|Quantitative assessment of thrombus burden predicts the outcome of treatment for venous thrombosis: a systematic review
|Hull R D, Marder V J, Mah A F, Biel R K, Brant R F
This review concluded that clot-burden change can predict the long-term outcome of venous thromboembolism, and can be used to guide duration of anticoagulant therapy and as a surrogate outcome measure in clinical trials. The evidence presented supports the authors' conclusion, although reviewer error and bias in the data extraction process cannot be ruled out.
To determine whether clot-burden change is predictive of subsequent recurrent venous thromboembolism (VTE).
PubMed was searched up to 2003 and the reference lists of relevant articles and abstracts from conference proceedings were checked. Investigators and pharmaceutical companies were also contacted. Studies published in all languages were eligible, as were abstracts detailing methods and results.
Study designs of evaluations included in the review
Randomised controlled trials (RCTs) were eligible for inclusion.
Specific interventions included in the review
Studies that compared the efficacy of regulatory approved anticoagulant therapy were eligible for inclusion. All of the included studies compared low molecular weight heparin (LMWH) with unfractionated heparin (UFH). The LMWH evaluated in the included studies were bemiparin, certoparin, dalteparin, enoxaparin, nadroparin and reviparin.
Reference standard test against which the new test was compared
Studies had to objectively evaluate thrombus regression before and after initial treatment using quantitative clot-burden assessment. Venography was used to provide a quantitative assessment of clot burden, with most studies using the scoring method of Marder et al. (see Other Publications of Related Interest).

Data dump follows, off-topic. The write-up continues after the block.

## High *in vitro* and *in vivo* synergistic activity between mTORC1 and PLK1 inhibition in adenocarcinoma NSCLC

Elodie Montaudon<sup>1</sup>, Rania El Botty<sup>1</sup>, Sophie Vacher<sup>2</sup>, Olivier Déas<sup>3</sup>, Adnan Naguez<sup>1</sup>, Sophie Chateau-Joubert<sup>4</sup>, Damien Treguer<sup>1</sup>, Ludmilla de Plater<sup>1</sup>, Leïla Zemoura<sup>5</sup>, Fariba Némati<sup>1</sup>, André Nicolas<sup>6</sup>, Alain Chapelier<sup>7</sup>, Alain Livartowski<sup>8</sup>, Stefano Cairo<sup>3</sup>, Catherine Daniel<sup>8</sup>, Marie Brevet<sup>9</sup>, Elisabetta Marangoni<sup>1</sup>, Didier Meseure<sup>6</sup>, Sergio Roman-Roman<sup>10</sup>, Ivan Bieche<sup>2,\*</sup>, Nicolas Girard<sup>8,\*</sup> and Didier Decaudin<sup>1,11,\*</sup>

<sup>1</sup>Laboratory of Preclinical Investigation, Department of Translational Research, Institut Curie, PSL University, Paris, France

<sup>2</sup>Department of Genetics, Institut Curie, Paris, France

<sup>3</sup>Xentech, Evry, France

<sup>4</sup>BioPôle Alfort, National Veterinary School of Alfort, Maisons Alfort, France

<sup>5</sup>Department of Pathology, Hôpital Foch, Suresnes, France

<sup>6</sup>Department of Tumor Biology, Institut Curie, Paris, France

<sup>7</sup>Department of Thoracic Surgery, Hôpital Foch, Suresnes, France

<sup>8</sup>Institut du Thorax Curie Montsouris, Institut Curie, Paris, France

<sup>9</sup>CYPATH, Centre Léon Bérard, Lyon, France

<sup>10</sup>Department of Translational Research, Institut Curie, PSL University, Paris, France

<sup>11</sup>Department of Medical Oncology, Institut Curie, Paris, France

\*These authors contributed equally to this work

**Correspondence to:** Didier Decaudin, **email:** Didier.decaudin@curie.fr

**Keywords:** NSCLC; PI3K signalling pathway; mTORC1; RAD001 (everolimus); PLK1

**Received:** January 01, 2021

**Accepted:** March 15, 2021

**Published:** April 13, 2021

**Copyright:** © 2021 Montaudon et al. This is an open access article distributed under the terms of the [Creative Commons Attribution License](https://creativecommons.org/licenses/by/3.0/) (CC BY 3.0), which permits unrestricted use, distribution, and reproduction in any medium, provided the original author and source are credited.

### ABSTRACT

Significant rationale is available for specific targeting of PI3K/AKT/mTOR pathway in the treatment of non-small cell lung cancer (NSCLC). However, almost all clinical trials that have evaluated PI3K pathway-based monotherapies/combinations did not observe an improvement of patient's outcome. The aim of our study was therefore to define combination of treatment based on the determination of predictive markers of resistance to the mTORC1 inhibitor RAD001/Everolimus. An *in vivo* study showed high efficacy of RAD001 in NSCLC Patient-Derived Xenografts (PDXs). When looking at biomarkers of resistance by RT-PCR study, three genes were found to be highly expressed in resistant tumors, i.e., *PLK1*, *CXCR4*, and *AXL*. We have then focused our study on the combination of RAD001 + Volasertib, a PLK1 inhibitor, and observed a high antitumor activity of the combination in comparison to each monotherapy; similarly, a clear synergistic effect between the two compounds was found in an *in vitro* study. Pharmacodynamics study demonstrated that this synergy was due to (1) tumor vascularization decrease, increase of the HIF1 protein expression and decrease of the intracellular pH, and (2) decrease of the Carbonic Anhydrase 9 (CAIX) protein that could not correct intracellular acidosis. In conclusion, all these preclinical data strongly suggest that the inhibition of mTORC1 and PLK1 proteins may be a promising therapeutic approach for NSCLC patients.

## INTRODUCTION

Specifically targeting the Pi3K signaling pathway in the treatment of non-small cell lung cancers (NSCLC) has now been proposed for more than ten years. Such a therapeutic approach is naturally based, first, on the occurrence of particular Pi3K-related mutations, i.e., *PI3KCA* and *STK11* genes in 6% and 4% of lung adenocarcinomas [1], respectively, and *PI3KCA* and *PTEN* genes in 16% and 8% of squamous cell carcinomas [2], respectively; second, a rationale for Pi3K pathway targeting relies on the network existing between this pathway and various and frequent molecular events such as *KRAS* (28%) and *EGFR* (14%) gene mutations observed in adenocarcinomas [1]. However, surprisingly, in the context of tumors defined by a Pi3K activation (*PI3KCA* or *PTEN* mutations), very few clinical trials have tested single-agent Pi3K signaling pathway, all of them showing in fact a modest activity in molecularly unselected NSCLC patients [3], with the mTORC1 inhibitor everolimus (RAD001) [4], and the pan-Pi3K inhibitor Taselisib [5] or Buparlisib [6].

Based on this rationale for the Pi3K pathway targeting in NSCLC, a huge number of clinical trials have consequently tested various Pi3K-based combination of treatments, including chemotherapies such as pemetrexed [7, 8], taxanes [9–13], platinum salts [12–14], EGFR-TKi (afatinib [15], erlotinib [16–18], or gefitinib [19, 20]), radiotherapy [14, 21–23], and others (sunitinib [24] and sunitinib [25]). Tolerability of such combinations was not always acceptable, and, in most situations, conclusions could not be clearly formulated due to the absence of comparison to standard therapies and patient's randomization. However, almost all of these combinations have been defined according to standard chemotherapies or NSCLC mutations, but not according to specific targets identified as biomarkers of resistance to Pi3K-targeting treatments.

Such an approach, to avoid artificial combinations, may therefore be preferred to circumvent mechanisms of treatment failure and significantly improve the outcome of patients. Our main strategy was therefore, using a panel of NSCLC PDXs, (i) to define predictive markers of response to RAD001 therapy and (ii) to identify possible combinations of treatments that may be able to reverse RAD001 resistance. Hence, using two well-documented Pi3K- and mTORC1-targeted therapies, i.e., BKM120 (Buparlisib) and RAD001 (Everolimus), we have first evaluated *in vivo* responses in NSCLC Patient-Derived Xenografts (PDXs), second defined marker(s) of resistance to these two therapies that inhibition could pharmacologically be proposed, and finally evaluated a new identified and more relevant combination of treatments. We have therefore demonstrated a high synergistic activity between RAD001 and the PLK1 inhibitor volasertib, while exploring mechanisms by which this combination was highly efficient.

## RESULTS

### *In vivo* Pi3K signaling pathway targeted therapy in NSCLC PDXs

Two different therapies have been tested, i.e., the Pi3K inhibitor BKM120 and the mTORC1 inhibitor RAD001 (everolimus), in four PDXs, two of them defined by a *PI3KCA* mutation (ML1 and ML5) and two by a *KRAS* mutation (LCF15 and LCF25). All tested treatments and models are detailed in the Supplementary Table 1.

Participants included in the review
Studies of participants with acute lower-extremity deep-vein thrombosis confirmed using an objective method, with or without concurrent pulmonary embolism, were eligible for inclusion. The mean age ranged from 58 years to older than 65 years. Where reported, the proportion of patients with previous VTE ranged from 0 to 29%, cancer from 5 to 21%, heart failure from 7.5 to 15%, immobilisation from 13 to 58%, and surgery or trauma from 0.3 to 45%.
Outcomes assessed in the review
Studies that objectively evaluated recurrent symptomatic VTE during long-term follow-up and objectively evaluated thrombus regression before and after initial treatment using quantitative clot-burden assessment were eligible for inclusion. Where reported, studies performed follow-up venograms after 5 days to 3 months, and defined a decrease in clot burden as a 10 to 30% decrease or a decrease in clot-burden score of 1 point or more. The studies provided data on recurrent VTE at 3 months or longer.
How were decisions on the relevance of primary studies made?
Two independent reviewers assessed the eligibility of the studies. Any disagreements were resolved through discussion.
Assessment of study quality